Monopoly: Definition, Types, Features, Causes, Pros & Cons

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What is a Monopoly?

Monopoly Definition: A monopolist is a single seller or producer of a product which has no close substitutes.

Monopoly may be defined as a market situation where there is only one producer or supplier of a particular commodity that has no substitute and who has the power to influence the price of the commodity to his own favour. The commodity sold by a monopolist is usually differentiated.

Main Features of a Monopoly

  • As a single seller or producer of a product, he faces no competition and can vary his supply to change the price as he likes.
  • The monopolist cannot determine both the quantity and price he wishes to sell. He can only control whichever of the two he wishes and leaves the consumers to control the other.
  • The monopolist is known to make abnormal profits and exploit consumers.
  • Entry into the market is highly restricted.
  • There is no close substitute for the goods and services.

Types of Monopolies

  • State monopolies: These are those that emerge as a result of government legislations that give firms the exclusive privilege to be the sole producers or suppliers of certain goods and services.
  • Natural monopolies: These are firms, which given the nature of their output (which requires large scale investments) have turned out to be natural monopolies either on account of their efficiency or uniqueness in the design of their products or sourcing of raw materials.
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Causes of Monopoly

  • Single ownership of a factor of production i.e. sole ownership of a large deposit of raw materials or possession of a unique or rare skill by a surgeon or a dentist in a community.
  • Conferment by law of import licences for scarce materials and patent rights given only to certain firms or legally recognized professional organizations e.g. Nigeria Bottling PLC, the only producer of Coca-Cola in Nigeria.
  • Pioneering establishment of a project that involves high initial cost or investment which will make entry difficult to potential competitors e.g. Iron and Steel Industry.
  • Superior operational efficiency in production and marketing which enables a company to take over other firms in the industry, e.g. Nigerian Breweries Company PLC.
  • Acquisition of copy rights that makes the producer the only supplier of his products within a given period e.g. books published by University Press PLC.

Price and Output Determination Under Monopoly

Being the sole supplier or producer of a product, a monopolist can either have full control over the price he charges for his product or the quantity he wishes to sell. He can control either the price or the quantity but not both.

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Monopoly: Definition, Types, Features, Causes, Pros & Cons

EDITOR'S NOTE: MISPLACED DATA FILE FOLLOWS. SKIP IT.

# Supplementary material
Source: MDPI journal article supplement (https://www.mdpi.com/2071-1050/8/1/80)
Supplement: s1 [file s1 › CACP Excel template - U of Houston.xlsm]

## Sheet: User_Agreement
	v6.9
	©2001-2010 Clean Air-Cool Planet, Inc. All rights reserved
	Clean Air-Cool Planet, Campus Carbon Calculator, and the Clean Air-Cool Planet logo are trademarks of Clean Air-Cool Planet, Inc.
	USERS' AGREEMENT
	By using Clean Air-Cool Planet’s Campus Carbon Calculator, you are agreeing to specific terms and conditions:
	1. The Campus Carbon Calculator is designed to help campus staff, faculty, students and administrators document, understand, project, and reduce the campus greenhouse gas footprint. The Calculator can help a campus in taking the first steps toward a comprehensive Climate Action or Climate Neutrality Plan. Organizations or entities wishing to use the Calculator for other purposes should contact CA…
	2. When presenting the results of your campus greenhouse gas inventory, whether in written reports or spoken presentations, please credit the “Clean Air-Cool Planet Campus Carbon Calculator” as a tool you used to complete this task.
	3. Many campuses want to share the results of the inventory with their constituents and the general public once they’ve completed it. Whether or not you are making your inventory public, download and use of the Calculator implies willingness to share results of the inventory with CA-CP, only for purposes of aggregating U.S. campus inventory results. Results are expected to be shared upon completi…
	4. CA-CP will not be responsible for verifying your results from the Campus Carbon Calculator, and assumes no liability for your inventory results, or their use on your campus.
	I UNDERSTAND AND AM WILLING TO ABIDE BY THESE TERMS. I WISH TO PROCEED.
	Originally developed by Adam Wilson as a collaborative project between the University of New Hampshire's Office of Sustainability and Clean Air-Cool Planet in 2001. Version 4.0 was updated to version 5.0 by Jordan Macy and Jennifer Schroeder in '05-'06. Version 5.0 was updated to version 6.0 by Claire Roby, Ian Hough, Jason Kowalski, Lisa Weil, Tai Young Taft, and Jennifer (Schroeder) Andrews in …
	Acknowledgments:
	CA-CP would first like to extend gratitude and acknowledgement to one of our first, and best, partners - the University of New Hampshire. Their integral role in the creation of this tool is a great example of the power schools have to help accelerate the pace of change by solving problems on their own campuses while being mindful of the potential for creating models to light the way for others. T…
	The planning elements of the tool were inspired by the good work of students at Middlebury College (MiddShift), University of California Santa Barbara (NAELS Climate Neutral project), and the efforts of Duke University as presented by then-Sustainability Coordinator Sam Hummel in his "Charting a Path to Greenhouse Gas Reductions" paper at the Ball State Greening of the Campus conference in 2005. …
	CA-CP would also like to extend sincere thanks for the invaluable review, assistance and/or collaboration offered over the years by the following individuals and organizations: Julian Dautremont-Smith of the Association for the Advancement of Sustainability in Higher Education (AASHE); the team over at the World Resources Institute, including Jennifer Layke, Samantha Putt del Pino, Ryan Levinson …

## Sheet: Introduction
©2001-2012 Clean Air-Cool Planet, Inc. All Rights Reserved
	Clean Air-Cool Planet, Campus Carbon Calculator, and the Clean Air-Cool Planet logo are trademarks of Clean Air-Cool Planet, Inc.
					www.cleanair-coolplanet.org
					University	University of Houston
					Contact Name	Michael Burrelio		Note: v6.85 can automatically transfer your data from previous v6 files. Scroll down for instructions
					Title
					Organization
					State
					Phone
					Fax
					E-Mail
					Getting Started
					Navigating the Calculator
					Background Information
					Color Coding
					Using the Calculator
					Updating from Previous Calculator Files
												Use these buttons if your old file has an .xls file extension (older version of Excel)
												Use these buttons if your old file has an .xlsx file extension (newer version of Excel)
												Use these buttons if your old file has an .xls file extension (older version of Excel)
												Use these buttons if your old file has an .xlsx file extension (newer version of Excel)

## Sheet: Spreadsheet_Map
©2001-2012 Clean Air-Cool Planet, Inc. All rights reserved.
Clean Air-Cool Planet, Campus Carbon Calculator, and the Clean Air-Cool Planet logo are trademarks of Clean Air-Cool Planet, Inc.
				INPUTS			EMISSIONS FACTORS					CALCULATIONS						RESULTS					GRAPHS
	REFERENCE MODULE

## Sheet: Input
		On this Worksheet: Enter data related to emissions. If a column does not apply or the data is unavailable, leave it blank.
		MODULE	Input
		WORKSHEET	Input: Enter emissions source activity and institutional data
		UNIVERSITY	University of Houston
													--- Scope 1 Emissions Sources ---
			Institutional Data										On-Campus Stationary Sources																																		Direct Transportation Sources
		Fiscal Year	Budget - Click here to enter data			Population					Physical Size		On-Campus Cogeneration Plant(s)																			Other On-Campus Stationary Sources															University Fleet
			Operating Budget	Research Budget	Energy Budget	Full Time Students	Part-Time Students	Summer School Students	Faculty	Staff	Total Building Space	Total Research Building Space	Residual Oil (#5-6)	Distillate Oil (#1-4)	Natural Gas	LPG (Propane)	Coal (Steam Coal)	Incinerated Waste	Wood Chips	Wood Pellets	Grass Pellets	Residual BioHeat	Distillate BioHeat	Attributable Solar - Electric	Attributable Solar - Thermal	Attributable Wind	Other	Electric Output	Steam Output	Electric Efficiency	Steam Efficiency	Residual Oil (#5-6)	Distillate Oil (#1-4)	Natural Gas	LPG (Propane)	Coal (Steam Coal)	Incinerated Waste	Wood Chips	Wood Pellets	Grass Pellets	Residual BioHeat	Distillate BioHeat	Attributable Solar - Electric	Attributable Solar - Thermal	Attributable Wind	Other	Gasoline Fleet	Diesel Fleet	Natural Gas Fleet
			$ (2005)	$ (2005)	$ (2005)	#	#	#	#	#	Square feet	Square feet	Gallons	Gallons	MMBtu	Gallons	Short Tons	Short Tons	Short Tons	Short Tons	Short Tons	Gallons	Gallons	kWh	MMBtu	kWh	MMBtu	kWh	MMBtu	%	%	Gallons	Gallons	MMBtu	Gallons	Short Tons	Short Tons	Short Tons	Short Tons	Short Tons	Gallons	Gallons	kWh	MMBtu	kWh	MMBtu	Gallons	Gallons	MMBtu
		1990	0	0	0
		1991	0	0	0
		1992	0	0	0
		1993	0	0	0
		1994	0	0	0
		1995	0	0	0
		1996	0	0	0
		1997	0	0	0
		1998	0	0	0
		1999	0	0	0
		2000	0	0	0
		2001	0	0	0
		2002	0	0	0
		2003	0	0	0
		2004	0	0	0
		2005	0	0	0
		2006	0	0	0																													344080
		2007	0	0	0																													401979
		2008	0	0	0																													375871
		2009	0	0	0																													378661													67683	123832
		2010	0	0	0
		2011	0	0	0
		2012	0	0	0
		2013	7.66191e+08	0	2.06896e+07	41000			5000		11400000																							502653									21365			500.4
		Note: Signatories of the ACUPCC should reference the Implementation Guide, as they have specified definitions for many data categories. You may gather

Price and Output Determination Under Monopoly

In the image above, the marginal revenue curve (MR) and the average revenue curve (AR) of a monopoly firm are shown to be different from what they look like under perfect competition.

The AR curve is shown to be different from the MR curve because in order for a monopolist to be able to sell extra units of his product, he has to lower his price which means a fall in his marginal revenue and vice versa.

That is why at all times the marginal revenue curve and the demand curve are not the same, as shown in the image. The equilibrium level of output is determined at point B where marginal cost and marginal revenue are the same.

The monopolist will however charge a price (M) making an excess profit represented by rectangle (PMTE). This means that marginal revenue is no longer equal to price as is obtained under perfect competition.

Advantages of a Monopoly

  • State monopolies can provide goods and services at relatively subsidized prices to enhance citizen’s welfare.
  • It can eliminate excess capacity and allow the reaping of economies of scale which may lower the cost of production and eventually benefit the consumers.
  • A monopolist has an incentive to engage in research and development since it has larger resources and an established market.
  • The existence of monopoly fimts reduces the need for excessive advertising and violent price-war.
  • Trade unions, professional associations by virtue of their monopolistic positions are able to maintain high standards of living and enhance the remuneration of members.
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Disadvantages of a Monopoly

Under-utilization of societal resources. In order for a monopolist to charge the monopoly price, he may supply fewer products into the market thereby under-utilizing labour and other productive resources.

Monopolists sometimes reduce the welfare of the consumers by charging them exploitative prices.

Lack of competition may lead to inefficiencies e.g. poor services and lack of enterprise.

A feeling of complacency on the part of a monopoly can lead to degeneration in technical progress, research and innovation.

Control of Monopoly

The following points are some of the measures that can be used to curtail or eliminate the power of monopoly:

  • Taxing the excess profit.
  • Nationalizing or privatizing the industry.
  • Legislation to regulate or fix prices of monopoly products and prices of factors of production.
  • Reduction or elimination of import duties, tariffs and other quantitative restrictions on trade.